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Young J. Edgar: Hoover and the Red Scare, 1919-1920 Paperback – September 27, 2011
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From Publishers Weekly
Copyright © Reed Business Information, a division of Reed Elsevier Inc. All rights reserved. --This text refers to an out of print or unavailable edition of this title.
Top Customer Reviews
This is more than a bio of one man, it is a bio of the times. I did not know that Hoover cut his bureaucratic teeth on the Red Scare, so this book rounds out his portrait for me.
Ackerman's engaging prose brings to life the colorful people of the times. He presents Palmer in all his complexity. President Wilson is totally detached not only from the Red Scare but also the upcoming election where he has a son-in-law in contention. The totally obscure Louis Post is a true hero. Many great legal minds, Frankfurter, Darrow, Cardozo, Holmes and others play a role. I had not known of the eccentric millionaire socialist Lloyd before nor the colorful immigration official from California, Caminetti.
The most intriguing story of all, of course, is Hoover's. The reader learns how his character and style were formed. As a young man he got away with a tremendous breach of the US Constitution and he lied to his mentors. He knew how and when to be on and off the stage and who to play up to. He was probably given a pass for his presumed honesty, long hours of work and his youth.
I was struck by narrow the decision making. Only a few people held the reins than made life impossible for many. While the book doesn't spell it out, I would imagine people lost their homes (be they foreclosures or evictions) and children went hungry. None of the perpetrators suffered much. Hoover went on to great "success", Caminetti went on to comfortable obscurity and Wilson is heralded for his international vision. Palmer suffers somewhat but not in proportion to his deeds. The main hero is virtually unknown to history.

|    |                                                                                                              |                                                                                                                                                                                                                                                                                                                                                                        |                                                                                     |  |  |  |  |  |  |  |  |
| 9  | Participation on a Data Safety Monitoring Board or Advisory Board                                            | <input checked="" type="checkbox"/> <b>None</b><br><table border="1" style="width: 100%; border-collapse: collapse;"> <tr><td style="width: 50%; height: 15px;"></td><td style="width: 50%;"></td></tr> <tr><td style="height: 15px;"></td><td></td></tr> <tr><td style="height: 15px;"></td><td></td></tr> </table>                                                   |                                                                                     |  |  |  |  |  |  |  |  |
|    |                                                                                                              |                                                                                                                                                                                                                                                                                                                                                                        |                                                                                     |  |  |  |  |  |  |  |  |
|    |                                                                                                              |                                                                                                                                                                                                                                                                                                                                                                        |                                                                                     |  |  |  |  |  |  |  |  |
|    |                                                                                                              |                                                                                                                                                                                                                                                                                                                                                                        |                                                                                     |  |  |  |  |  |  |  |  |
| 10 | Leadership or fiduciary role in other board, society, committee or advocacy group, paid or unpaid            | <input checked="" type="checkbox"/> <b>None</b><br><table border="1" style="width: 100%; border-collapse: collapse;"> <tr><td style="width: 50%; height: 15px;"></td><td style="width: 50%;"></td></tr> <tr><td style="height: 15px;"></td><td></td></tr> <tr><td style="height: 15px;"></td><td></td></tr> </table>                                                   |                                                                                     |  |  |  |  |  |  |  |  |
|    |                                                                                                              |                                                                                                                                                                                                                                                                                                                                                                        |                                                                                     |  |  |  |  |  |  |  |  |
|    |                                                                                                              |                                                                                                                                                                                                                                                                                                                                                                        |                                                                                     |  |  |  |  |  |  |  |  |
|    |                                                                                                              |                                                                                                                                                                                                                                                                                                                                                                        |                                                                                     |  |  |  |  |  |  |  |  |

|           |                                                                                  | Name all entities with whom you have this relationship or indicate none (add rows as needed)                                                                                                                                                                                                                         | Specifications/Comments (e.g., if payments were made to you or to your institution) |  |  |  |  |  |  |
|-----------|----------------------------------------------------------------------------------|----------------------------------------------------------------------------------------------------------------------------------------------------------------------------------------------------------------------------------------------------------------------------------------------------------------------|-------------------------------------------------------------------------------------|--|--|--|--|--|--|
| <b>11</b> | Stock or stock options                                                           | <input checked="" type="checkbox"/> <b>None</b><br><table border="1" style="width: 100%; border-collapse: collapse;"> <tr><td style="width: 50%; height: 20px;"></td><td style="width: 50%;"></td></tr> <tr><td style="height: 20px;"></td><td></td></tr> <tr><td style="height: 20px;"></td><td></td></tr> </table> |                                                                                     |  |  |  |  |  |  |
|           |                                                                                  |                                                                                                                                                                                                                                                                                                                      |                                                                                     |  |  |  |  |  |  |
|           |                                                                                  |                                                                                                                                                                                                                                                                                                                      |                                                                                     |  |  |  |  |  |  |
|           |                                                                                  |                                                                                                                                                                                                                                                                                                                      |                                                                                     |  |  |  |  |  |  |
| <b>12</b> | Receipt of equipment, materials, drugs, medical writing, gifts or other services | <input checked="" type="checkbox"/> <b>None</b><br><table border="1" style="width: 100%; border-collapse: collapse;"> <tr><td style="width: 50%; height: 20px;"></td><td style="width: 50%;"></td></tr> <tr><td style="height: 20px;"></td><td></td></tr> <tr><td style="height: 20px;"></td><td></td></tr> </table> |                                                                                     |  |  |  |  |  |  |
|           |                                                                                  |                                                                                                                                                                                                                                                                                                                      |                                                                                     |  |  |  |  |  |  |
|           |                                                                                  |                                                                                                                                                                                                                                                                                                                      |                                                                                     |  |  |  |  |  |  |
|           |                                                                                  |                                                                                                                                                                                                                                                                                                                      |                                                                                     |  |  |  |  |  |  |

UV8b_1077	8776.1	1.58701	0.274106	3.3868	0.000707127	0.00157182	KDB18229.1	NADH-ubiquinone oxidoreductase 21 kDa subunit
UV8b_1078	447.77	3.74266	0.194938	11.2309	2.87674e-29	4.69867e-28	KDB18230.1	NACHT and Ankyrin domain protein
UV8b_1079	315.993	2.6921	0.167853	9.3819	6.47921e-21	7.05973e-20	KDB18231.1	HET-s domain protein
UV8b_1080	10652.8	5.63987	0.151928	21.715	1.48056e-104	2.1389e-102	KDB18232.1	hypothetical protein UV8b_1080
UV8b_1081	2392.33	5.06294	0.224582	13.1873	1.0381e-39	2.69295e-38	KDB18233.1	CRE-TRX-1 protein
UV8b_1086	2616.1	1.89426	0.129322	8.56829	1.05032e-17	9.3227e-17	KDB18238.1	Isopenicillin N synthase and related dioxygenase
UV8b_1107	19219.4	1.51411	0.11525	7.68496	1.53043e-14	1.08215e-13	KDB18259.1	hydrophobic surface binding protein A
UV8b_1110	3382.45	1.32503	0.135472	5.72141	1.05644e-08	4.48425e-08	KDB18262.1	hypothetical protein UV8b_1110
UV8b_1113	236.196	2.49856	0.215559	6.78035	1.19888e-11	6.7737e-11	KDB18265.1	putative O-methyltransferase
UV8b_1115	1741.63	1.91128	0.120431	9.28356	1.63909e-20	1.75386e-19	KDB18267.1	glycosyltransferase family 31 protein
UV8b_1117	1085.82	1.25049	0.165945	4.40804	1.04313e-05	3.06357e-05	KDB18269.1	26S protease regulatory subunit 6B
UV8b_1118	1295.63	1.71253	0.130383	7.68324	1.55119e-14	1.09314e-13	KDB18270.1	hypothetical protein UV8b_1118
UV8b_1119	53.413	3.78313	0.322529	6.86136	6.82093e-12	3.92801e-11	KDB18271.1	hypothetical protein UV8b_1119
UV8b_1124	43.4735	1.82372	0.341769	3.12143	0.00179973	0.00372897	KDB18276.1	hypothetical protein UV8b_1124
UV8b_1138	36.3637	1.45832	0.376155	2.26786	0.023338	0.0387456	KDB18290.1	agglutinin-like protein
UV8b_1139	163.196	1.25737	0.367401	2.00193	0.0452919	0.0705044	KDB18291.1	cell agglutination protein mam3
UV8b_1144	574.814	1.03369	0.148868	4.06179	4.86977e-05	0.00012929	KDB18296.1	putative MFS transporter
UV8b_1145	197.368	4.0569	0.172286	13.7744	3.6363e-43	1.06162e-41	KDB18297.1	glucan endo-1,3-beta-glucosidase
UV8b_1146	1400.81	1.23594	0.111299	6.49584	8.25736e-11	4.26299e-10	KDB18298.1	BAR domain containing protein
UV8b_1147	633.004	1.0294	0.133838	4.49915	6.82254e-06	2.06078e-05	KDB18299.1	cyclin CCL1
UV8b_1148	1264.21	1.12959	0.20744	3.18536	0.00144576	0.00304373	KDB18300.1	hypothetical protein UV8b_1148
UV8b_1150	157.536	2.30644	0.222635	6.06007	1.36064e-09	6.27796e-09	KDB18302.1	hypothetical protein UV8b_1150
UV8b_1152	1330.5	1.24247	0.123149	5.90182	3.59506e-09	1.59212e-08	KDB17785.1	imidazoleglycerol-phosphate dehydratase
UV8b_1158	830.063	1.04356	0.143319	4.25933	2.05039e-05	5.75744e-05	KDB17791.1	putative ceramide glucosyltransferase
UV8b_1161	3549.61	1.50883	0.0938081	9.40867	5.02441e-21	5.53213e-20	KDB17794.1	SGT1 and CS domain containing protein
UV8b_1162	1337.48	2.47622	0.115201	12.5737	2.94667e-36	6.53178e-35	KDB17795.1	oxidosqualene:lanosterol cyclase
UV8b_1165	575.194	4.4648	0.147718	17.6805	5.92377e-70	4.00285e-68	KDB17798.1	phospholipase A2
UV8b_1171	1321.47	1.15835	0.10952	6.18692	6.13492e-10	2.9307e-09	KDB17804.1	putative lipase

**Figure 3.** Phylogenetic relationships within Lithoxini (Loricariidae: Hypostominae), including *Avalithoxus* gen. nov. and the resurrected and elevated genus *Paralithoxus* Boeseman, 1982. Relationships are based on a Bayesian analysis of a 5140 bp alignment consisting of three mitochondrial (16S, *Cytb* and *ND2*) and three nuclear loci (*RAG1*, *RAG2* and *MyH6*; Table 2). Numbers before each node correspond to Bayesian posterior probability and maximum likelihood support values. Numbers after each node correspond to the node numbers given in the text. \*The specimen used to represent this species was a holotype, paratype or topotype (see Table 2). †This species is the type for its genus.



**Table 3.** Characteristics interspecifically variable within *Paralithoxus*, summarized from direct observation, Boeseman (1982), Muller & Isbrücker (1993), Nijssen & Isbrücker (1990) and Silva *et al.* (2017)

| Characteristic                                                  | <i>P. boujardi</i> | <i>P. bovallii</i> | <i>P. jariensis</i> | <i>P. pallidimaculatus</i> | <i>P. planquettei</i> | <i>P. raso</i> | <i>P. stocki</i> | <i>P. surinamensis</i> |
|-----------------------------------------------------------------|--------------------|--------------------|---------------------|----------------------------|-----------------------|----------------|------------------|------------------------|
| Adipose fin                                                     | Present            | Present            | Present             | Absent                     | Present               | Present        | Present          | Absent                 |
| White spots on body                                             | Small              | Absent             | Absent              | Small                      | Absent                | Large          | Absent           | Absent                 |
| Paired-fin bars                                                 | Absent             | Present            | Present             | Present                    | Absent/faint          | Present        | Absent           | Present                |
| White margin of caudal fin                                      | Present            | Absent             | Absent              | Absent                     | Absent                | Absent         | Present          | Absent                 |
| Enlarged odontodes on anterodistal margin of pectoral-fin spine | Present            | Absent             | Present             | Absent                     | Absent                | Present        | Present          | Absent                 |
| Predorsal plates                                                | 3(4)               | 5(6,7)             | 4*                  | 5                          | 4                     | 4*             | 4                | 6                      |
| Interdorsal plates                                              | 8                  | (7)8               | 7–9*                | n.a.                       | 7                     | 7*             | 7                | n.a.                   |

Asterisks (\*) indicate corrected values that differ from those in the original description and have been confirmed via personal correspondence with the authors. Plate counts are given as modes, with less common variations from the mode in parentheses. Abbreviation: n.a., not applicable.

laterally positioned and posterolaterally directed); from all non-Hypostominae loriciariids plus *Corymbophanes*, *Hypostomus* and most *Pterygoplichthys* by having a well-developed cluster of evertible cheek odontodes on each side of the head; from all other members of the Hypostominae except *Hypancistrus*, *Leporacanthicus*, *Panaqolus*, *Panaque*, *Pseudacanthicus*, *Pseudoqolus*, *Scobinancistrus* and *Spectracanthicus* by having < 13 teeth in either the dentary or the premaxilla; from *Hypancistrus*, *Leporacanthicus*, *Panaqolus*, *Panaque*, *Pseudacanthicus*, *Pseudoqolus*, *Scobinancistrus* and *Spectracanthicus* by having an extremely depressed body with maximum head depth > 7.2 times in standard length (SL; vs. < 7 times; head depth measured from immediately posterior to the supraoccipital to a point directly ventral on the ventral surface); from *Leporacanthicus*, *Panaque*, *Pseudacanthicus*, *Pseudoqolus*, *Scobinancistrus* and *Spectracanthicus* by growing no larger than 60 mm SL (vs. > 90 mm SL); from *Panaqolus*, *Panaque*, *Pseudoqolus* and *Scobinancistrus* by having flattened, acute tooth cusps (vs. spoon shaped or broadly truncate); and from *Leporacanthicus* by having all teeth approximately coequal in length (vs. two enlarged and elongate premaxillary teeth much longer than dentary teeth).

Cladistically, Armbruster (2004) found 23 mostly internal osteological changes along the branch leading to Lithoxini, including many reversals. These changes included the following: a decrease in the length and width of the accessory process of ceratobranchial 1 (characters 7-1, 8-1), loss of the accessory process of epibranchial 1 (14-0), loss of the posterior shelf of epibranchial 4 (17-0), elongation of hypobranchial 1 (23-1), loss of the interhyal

Understanding Hoover is critical to viewing the evolution of law and individual rights in America during the 20th century. For good or bad, he certainly had an impact during his half-century tenure and as Ackerman summarizes "Of all the experiences shaping him . . . none loomed larger that the Red Raids." The author gives us an excellent account of these events, the times, and important players including Felix Frankfurter, Oliver Wendell Holmes, and Clarence Darrow.
A very good book and very well-written!
Most Recent Customer Reviews
Once a kind of super-hero, J. Edgar Hoover, builder of the FBI, may have become an American Ozymandias: two vast and trunkless feet of clay, plus some fading boasts! Read morePublished 14 months ago by Jack11615
This is a meticulously documented book by a friend of minePublished 16 months ago by mmcleodamcom99
I enjoyed the book on the whole. The author doesn't go into the orgy of Hoover bashing usually found. He is a liberal and a definite bias shows in his presentation. Read morePublished on December 13, 2013 by D. L. Davis
Mr. Ackerman's book is well researched and very readable. Those of you who have read the Church Committee's report (Book III, starting at page 382) will note the accuracy in Mr. Read morePublished on March 2, 2013 by T. Forrestall
Mr. Ackerman does an excellent job of re-telling the history so many other historians have chosen to forget. Read morePublished on February 23, 2013 by FuzzyBlackLips
Chock full of facts and observations of this time period, as well as a comprehensive biography of young Hoover. I would recommend this bookPublished on September 9, 2012 by RJ
There are some interesting books out now about the 1919--1920 time period in the USA. Savage Peace: Hope and Fear in America, 1919 appears more comprehensive than this work, but... Read morePublished on January 28, 2012 by Derek Grimmell
This was a pretty weak book. Although the former FBI director was a man worth reading about, this work might not be the best place to learn about him. Read morePublished on July 10, 2011 by J. Smallridge